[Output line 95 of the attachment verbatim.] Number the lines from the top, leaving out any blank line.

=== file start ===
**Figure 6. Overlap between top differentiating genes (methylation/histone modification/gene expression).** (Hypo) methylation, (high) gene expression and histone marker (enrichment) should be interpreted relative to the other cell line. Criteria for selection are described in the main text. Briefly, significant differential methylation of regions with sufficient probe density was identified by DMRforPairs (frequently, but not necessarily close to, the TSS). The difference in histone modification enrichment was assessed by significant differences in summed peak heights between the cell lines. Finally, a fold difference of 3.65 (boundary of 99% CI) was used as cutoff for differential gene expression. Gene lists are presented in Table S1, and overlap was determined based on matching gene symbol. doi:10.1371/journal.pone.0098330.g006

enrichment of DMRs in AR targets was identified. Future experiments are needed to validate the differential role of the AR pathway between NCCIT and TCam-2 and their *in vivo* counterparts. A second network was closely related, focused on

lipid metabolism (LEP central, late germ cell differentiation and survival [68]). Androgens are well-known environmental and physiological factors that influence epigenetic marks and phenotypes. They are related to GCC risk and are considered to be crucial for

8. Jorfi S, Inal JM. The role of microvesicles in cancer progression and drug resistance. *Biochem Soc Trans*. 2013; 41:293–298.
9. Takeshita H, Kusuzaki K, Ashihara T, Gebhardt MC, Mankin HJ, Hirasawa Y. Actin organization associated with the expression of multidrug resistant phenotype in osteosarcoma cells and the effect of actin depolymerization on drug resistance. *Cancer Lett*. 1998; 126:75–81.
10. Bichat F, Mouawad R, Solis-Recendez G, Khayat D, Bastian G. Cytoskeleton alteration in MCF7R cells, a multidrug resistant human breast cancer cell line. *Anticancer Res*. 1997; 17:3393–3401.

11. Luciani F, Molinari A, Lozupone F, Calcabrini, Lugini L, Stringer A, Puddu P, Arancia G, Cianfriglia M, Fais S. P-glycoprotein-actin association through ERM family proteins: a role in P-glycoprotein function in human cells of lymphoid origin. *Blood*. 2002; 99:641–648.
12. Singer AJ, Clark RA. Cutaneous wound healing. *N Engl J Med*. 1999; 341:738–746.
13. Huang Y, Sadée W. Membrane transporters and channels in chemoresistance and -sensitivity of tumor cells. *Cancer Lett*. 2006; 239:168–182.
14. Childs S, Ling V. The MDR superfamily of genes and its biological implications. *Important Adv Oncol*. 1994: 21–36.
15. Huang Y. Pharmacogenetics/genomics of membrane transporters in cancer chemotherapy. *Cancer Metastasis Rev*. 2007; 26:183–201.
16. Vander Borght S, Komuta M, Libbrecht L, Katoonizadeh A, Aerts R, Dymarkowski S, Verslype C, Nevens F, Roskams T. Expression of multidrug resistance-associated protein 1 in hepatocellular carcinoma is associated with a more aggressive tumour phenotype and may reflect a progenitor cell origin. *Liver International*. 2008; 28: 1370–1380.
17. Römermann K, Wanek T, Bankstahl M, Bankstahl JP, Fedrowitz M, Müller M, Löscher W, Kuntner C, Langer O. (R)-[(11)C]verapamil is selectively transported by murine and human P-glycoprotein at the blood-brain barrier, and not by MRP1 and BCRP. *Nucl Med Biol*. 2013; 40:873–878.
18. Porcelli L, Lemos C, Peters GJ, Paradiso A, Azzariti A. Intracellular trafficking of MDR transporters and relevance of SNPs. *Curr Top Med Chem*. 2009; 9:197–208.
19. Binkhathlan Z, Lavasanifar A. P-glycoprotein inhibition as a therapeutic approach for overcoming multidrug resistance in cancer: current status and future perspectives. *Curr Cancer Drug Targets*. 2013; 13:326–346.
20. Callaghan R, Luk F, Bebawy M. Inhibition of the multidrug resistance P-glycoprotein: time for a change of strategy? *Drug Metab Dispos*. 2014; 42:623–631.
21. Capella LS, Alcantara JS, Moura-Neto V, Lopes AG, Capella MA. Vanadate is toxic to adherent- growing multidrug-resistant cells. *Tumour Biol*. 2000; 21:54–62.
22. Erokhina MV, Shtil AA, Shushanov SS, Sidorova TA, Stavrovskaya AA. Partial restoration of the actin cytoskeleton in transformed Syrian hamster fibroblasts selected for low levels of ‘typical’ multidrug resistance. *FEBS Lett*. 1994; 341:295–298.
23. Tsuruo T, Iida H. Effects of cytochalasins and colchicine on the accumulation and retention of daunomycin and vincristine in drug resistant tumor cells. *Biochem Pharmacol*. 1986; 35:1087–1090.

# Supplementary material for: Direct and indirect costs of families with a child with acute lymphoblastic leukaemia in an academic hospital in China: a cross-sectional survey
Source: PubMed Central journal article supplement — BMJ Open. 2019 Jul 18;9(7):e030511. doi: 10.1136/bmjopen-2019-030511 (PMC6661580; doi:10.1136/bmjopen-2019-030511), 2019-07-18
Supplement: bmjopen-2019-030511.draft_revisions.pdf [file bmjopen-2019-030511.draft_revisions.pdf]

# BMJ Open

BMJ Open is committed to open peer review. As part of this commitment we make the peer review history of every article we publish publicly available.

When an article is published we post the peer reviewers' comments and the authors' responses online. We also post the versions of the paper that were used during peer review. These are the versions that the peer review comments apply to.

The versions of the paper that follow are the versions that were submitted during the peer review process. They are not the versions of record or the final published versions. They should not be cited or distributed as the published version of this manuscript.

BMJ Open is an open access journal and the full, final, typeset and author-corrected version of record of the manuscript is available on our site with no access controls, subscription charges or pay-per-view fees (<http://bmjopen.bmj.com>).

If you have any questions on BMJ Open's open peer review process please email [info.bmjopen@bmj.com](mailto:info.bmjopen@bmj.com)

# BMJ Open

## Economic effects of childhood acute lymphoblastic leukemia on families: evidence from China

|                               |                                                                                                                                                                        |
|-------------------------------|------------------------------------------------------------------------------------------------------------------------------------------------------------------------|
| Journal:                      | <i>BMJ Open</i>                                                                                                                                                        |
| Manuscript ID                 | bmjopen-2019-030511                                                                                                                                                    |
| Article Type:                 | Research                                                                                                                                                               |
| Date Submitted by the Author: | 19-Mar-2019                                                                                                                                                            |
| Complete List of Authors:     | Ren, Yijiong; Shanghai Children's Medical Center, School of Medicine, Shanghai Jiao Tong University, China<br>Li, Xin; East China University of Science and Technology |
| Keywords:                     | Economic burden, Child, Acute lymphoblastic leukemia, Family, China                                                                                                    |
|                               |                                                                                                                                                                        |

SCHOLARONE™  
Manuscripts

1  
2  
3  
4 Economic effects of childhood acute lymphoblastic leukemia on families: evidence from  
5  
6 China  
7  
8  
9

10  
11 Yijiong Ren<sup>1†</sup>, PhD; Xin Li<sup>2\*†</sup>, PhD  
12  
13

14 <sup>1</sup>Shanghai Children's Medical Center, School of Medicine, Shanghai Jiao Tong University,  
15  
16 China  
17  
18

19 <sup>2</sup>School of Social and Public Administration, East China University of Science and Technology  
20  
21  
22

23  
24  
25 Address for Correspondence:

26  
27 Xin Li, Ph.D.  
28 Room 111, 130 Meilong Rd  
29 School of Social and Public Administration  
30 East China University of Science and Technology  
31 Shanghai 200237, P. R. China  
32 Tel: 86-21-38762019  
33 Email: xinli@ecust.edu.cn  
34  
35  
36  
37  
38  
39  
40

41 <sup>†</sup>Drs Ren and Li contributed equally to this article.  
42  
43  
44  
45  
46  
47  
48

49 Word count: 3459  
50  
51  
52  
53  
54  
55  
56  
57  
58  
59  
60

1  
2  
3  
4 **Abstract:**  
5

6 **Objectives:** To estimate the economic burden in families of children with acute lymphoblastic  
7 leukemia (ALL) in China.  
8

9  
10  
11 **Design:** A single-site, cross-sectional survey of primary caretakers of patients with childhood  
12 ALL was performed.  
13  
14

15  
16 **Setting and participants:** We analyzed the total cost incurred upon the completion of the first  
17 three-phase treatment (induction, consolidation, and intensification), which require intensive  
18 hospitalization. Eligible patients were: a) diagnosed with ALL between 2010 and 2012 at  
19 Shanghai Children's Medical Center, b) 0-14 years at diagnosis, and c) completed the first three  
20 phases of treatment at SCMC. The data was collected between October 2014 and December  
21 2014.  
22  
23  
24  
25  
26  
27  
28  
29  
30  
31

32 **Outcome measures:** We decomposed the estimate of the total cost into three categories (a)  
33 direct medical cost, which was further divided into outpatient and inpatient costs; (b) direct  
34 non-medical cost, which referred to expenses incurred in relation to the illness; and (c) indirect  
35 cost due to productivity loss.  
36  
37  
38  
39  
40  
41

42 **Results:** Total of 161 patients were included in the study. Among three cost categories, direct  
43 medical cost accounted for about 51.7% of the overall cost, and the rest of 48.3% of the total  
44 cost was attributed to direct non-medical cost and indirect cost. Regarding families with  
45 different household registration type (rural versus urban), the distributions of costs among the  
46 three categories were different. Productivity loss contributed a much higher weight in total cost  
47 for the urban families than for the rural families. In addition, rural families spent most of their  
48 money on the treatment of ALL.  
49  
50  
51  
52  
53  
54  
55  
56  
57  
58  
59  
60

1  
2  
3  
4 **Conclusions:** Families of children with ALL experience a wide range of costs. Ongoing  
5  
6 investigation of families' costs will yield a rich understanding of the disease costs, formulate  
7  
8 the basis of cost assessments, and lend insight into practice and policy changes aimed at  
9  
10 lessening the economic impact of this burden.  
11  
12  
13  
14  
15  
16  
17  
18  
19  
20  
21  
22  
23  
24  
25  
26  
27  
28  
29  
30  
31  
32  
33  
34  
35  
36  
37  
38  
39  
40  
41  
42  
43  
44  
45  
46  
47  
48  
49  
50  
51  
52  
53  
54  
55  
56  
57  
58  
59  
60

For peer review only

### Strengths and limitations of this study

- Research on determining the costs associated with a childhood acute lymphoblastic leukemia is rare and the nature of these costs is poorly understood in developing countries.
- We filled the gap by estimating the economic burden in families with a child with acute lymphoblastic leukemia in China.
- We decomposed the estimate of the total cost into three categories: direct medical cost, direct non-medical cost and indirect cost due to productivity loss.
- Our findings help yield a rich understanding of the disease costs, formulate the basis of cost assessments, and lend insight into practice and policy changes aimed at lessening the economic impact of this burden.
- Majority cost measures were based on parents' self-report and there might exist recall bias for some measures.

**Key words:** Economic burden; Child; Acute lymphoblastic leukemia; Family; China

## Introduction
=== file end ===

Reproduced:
54  